A vaccine

We’ve had a flurry of Good News announcements from developers of Covid vaccine candidates. The fact that one announcement has provoked more highlights how competitive the race is.

At the same time, we hear that governments are going to come down hard on antivax (is that how you spell it? – I don’t want to google). With drastic potential penalties on platforms, it’s inevitably going to be enforced as one of those taboos that may be used to shut down not just nutjob conspiracy theories but also legitimate discussion. That (always) bothers me.

I’m not anti-vaccination myself. I’ve had the flu jab for two or three years, and would have had it this year if Stuttley’s ultra-centralised crony-driven Soviet-lookalike system hadn’t proved itself incapable of delivering it. Yes, they’re going to roll out this massive Covid programme, but they can’t even manage a routine flu jab for those deemed vulnerable by the NHS!

Riiight …

In terms of the covid candidates, I have no doubt whatsoever that their inventors are working in good faith in the hope of protecting us – the people – from covid. There’s no sinister agenda of mind-control or anything like that. Where there’s a risk it’s cockup – the vaccination does something unintended – not conspiracy. On the basis that that risk will be lower than the risk of covid, I shall get it if offered.

Sadly that’s not the whole story. The risk is that under immense commercial pressure, corners get cut. Or – worse – adverse information is suppressed, and tests that raise red flags get redesigned to suppress it. No fewer than two news stories this week remind us of the real-life risks of suppressing adverse information: the Boeing 737 max being re-licenced after its disastrous history, and the Grenfell tower inquiry’s evidence of how highly flammable material was used in full knowledge of the danger.

The vaccine candidates are coming up for regulatory approval. Which begs a number of questions:

  • To what extent is regulatory approval a rubber-stamp exercise?
  • I understand the EU single market serves to save producers of regulated products (like medicines) a lot of per-country red tape. How far does EU approval go towards making a vaccine automatically legal/available in member countries?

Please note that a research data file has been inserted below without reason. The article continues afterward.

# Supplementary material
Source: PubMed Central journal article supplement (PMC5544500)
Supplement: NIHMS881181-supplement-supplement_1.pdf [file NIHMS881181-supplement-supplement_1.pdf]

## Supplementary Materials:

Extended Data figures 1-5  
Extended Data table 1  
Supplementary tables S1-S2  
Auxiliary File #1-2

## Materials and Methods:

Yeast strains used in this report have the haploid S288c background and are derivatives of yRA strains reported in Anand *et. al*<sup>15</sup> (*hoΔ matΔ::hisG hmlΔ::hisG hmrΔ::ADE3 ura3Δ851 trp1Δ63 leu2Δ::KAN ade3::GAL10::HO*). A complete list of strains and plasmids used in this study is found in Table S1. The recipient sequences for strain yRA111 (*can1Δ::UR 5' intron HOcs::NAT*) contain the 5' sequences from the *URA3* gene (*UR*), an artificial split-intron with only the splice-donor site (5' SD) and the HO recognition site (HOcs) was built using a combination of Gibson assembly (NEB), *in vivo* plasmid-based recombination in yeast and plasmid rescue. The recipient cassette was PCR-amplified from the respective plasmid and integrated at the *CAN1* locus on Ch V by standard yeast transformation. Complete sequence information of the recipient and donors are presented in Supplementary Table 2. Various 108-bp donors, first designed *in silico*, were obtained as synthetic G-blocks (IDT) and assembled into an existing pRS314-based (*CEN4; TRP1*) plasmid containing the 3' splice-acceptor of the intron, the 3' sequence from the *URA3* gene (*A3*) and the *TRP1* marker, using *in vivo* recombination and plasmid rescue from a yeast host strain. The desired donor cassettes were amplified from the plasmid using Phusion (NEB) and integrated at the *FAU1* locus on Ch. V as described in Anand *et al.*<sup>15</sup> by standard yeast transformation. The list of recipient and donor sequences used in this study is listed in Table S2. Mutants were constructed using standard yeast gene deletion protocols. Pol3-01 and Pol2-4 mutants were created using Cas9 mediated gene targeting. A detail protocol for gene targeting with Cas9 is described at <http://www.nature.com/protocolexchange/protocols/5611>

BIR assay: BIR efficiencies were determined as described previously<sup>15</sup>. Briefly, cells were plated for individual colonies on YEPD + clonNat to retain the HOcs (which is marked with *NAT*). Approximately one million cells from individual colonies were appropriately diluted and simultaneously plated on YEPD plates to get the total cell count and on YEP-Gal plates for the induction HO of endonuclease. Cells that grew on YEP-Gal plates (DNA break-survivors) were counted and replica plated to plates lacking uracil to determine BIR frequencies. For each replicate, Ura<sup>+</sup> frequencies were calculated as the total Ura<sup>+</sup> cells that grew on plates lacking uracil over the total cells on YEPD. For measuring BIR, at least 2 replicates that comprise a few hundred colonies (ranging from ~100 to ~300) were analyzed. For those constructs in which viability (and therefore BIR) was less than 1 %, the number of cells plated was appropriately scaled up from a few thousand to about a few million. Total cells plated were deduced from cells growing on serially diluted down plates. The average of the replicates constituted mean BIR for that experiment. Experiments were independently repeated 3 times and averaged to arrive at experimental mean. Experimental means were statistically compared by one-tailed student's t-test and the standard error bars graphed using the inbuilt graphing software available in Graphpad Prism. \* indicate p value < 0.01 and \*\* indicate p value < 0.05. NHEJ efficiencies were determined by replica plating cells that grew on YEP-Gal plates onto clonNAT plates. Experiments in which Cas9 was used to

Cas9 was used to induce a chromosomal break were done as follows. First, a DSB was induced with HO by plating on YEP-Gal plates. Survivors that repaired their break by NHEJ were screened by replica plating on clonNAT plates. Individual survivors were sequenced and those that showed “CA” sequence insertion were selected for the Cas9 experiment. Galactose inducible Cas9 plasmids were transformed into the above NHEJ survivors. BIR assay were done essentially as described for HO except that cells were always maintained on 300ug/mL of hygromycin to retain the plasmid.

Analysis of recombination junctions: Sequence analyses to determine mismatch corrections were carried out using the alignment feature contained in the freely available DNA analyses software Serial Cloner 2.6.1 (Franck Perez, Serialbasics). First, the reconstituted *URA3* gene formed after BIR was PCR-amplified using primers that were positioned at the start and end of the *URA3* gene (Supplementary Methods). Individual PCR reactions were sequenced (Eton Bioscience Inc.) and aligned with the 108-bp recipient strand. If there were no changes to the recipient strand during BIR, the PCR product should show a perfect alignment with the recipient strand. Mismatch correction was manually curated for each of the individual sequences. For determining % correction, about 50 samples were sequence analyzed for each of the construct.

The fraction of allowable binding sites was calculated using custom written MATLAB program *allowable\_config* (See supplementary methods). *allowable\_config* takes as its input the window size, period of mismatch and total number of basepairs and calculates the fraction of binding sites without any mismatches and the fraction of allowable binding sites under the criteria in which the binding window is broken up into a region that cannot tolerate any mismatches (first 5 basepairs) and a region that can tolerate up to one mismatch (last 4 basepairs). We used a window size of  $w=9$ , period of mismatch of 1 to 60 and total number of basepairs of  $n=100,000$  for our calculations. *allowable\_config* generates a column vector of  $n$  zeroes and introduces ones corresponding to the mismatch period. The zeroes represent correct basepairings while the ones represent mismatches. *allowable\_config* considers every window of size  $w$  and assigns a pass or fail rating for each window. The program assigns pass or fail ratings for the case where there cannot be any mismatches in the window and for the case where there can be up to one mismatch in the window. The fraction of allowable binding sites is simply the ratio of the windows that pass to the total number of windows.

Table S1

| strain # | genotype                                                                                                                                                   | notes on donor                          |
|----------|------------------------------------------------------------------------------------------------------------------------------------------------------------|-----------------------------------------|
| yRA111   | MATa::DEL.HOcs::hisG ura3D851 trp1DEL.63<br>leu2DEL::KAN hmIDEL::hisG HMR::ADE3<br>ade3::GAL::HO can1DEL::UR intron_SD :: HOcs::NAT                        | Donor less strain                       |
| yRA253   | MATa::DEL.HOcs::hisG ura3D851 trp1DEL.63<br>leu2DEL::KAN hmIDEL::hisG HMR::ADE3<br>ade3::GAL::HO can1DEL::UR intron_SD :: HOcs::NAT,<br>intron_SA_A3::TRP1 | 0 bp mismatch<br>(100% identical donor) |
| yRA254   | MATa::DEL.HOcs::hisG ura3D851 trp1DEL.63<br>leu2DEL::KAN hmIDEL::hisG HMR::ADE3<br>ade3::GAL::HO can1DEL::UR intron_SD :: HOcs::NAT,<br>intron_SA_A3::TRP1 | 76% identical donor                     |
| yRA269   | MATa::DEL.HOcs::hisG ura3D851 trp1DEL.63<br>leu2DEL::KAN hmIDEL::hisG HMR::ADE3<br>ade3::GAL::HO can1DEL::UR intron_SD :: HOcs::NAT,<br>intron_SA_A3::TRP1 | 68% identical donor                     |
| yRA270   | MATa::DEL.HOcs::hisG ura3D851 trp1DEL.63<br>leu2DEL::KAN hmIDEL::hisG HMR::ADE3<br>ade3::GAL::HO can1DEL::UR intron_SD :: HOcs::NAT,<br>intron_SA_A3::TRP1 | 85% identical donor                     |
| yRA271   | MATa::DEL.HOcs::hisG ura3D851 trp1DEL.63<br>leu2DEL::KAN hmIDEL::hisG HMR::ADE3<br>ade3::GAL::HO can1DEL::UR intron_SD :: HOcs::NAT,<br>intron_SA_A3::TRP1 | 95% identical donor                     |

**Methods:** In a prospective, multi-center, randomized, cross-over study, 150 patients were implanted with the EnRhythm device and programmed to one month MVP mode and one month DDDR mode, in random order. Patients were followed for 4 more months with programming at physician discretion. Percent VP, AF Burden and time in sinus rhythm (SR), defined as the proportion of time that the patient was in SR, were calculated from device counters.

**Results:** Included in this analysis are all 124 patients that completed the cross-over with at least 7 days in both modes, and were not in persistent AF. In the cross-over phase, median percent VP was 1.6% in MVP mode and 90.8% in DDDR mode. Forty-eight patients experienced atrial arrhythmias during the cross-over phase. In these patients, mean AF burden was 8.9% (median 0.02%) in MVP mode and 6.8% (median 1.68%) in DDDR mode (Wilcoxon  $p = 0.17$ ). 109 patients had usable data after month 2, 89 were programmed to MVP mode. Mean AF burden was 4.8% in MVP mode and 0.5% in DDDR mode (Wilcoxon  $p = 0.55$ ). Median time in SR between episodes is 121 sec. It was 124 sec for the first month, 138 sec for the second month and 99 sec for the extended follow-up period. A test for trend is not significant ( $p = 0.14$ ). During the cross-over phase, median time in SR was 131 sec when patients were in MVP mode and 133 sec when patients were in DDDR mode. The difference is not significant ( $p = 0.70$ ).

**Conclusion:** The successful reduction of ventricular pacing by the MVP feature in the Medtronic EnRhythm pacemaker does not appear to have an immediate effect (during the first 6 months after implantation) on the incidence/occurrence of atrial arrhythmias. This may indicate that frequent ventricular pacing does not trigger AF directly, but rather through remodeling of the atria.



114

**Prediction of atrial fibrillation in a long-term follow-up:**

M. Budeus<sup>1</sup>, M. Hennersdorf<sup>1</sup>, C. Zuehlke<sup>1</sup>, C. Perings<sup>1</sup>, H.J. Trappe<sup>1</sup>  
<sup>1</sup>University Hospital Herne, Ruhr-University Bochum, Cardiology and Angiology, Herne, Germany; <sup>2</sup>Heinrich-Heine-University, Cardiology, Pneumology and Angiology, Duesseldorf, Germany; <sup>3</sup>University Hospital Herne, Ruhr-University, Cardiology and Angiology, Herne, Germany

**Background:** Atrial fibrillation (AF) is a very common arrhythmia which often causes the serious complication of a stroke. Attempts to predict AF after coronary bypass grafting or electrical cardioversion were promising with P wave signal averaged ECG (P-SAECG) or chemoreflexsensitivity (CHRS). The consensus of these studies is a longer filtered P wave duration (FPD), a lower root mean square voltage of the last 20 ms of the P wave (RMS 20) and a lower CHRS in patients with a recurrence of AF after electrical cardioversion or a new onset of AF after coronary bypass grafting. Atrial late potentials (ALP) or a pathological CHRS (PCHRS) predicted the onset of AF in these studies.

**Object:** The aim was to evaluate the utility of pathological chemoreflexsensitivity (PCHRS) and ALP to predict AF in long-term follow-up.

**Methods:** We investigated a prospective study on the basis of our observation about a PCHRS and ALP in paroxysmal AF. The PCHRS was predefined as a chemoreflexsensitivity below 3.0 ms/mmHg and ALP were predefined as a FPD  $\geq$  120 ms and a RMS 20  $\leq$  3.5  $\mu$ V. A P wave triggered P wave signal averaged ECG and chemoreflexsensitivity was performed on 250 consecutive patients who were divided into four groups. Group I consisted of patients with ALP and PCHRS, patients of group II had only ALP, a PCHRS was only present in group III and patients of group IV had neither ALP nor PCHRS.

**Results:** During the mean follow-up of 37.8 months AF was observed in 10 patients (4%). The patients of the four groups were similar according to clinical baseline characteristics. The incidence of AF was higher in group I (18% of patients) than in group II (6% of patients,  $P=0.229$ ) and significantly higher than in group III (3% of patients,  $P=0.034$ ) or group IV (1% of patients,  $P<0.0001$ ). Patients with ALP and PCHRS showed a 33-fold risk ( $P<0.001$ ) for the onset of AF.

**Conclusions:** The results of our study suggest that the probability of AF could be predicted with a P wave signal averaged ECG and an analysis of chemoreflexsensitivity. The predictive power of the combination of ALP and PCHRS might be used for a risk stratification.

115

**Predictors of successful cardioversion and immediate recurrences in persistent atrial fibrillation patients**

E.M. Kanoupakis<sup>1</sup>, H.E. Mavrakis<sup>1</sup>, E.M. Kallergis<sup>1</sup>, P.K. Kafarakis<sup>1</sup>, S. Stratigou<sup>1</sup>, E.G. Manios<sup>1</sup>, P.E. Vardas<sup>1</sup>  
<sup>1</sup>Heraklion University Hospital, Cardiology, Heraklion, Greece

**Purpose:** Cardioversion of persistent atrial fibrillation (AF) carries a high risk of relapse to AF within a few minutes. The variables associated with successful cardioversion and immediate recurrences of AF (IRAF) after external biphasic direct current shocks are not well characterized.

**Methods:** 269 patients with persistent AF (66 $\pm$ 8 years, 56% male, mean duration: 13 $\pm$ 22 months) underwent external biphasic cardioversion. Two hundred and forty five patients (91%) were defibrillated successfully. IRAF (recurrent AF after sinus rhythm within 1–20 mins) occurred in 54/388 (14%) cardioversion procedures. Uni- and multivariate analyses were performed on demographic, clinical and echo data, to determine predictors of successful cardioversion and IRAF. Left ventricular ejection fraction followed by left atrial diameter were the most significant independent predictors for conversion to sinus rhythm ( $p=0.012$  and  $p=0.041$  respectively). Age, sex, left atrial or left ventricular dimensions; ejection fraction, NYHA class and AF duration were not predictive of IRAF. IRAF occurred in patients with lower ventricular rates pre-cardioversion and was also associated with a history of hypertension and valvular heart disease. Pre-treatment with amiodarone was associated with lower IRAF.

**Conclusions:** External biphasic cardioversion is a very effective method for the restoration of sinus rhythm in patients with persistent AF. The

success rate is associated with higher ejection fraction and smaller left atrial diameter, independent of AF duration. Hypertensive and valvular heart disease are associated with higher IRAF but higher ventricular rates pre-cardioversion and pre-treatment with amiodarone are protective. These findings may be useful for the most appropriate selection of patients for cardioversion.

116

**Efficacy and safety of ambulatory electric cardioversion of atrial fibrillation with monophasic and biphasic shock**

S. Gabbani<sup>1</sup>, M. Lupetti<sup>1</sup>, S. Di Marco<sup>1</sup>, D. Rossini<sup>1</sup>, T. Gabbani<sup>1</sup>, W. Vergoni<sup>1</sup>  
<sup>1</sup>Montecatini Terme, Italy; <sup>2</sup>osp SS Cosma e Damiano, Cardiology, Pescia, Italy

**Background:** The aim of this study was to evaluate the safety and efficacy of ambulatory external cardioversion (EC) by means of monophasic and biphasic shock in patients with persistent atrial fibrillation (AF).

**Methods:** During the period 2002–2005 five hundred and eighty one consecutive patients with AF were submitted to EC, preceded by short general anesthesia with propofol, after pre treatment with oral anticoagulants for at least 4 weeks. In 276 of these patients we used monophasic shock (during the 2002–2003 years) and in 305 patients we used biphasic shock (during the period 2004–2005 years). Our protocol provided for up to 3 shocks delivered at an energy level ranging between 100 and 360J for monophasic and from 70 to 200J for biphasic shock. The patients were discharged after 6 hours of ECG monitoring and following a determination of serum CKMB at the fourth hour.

• Does anyone have a clue whether and how brexit affects this?
  • Do we have mutual recognition – or something approaching it – of medicines with any other countries, such as the US?
  • Is there jurisdiction-shopping by pharma companies seeking regulatory approval for a drug? If so, what jurisdictions are commonly favoured?

All in all, I’d have the greatest confidence in a vaccine developed in a politically-unloved country. With a Russian or Chinese candidate, I’d have that little bit more confidence that it hadn’t got through an EU or UK regulator on-the-nod at some level. Though that expectation is based on ignorance of the system: the argument for it is that humans are involved and will always come under pressures that may differ for drugs of different origins.

Who knows what the suppression of anti-vax disinformation will take with it? One of the first casualties will be any would-be whistleblower on adverse side-effects. Like flammable cladding, or flight control that causes crashes. Of course the counterargument to that is that most of us (certainly including me, and more importantly those tasked with the censorship) would stand little if any chance of telling whistleblowing from a conspiracy theory. But it’s no less concerning for that.

Posted on November 19, 2020, in Uncategorized. Bookmark the permalink. 1 Comment.

  1. And now we have the news: Astrazeneca to adopt the Russian Sputnik vaccine after some mishaps with its Oxford one and some very bad press (some of which might of course have been instigated by its rivals and/or xenophobic nationalists) in the US.

    I’ve wondered a few times (though not, it seems, on this blog) whether a Western company might re-badge a vaccine of politically-unpalatable origin if it looked good. Though I’m mildly surprised its someone quite as big as AZN: were I a betting man, my money might’ve been on one of the companies whose main business is importing generic medicines, who would then announce the vaccine as developed “working with partners around the world”.

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